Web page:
The same view was taken in another case2 of the Madras High Court,-"In the interests of judicial comity"-and quite apart from any consideration of the correctness of the decision therein. The facts of the case appear, however, to have been reported meagerly. It is also not clear whether the "first holder of the pronote in India" in this case was the promisee himself or his transferee. The Punjab High Court has, however, taken a contrary view.3 According to that High Court, if an Indian Stamp is already affixed on the promissory note, then, a fresh stamp will not be needed, because, to do so would be to charge double duty.
1. Siva Subramania v. Kalankarayan, AIR 1941 Mad 868 (869, 870) (Mochett, J.).
2. I.D. Lobo v. Marajal Doggu, AIR 1953 Mad 424.
3. Rattan Chand Birooram v. L. Khairatiram Nandlal, AIR 1955 Punj 88 (90), para. 5-6.
11.16. Recommendation for amendment.-
Whatever be the correct interpretation of the existing language of section 3(b) read with section 19, it appears to us that there is no reason why an instrument bearing an Indian stamp should again be stamped with an Indian stamp when it is presented for acceptance or payment or endorsement etc. as contemplated by section 19. Indian revenue law has already been complied with, by affixing the Indian stamp. If this approach is correct, it would be desirable to add an Explanation to section 19 to the effect that where the promissory note already bears an Indian stamp, it shall not be necessary to stamp it again. Such an amendment has been favoured by almost all the replies to our Questionnaire also.1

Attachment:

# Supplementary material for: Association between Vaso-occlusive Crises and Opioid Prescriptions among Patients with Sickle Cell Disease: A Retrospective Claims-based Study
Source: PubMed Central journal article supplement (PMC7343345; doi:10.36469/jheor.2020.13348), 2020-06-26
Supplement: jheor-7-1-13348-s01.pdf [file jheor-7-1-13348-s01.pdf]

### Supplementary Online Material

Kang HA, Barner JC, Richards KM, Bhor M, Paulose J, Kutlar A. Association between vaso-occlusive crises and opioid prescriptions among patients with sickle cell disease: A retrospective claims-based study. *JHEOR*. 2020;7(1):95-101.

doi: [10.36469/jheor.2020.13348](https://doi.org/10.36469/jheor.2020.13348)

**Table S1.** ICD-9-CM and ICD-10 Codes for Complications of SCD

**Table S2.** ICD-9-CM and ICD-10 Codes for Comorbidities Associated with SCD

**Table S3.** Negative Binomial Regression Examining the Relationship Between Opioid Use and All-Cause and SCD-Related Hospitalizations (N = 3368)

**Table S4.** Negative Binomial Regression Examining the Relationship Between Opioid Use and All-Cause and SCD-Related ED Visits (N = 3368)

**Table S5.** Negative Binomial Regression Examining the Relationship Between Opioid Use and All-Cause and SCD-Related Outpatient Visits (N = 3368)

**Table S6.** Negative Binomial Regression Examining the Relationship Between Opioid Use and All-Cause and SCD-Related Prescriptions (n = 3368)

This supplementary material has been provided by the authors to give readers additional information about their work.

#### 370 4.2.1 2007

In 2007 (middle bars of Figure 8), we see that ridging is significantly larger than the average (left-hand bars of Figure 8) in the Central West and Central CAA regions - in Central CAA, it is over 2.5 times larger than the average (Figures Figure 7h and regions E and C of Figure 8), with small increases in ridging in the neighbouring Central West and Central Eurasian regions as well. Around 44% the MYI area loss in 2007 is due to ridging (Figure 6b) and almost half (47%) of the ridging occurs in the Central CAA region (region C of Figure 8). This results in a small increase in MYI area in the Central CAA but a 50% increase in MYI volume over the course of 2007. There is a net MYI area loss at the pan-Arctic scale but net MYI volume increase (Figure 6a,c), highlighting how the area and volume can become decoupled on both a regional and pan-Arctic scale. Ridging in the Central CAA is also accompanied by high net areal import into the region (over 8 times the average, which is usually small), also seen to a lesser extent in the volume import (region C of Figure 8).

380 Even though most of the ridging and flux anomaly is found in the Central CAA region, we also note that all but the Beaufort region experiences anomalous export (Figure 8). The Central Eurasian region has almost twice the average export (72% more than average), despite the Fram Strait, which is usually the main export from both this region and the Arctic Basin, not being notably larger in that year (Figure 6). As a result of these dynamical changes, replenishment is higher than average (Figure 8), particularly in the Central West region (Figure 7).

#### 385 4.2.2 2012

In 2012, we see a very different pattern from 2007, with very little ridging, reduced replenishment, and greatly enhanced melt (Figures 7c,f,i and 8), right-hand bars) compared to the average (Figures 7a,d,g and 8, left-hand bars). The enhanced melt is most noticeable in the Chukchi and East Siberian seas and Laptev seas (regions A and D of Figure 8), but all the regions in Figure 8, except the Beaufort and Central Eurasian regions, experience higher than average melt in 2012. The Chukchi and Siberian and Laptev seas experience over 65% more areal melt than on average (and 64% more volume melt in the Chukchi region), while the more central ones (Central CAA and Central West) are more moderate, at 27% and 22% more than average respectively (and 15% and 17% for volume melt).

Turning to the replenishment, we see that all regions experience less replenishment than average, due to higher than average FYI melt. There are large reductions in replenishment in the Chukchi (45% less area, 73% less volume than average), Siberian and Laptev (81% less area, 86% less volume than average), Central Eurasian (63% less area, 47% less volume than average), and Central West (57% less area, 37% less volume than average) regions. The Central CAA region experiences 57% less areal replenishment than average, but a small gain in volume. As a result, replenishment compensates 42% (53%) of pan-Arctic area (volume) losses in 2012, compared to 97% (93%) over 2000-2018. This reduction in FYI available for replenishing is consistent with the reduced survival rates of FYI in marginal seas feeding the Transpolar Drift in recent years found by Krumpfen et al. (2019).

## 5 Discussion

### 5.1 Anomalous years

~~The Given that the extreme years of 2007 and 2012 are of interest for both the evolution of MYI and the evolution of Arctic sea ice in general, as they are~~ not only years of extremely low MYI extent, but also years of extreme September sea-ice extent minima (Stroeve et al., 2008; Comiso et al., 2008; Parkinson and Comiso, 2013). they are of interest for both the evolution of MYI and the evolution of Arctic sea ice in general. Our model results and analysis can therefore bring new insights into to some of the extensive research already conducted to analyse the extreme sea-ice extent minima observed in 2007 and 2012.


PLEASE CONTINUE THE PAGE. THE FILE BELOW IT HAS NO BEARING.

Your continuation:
1. Q. 35.
11.17. Suit to enforce the liability.-
The last proposition to which attention should be drawn while discussing section 19 is that where a promissory note is executed outside India, it is admissible here if the suit is brought to enforce the liability created by the promissory note. The requirement of stamp under section 19 arises only when a first holder in India does one of the specified acts, namely, presentation for acceptance, presentation for payment, endorsement, transfer or otherwise negotiation in India. In an early Madras1 case, it was clearly stated, that the provisions of section 19, Indian Stamp Act, are applicable to a holder only where there is one of those acts set out in the section and that an instrument need not be stamped in the manner provided when it was not dealt with in any of the ways set out. Thus,2 even if a pronote executed out of India is not stamped, a suit can be brought on the pronote as between the promisor and promisee. No amendment is required on this point.
1. Md. knothan v. Md. Hussain Rawthan, 1899 ILR 22 Mad 337.
2. Siva Subramania v. Kalankarayan, AIR 1941 Mad 868 (case-law reviewed).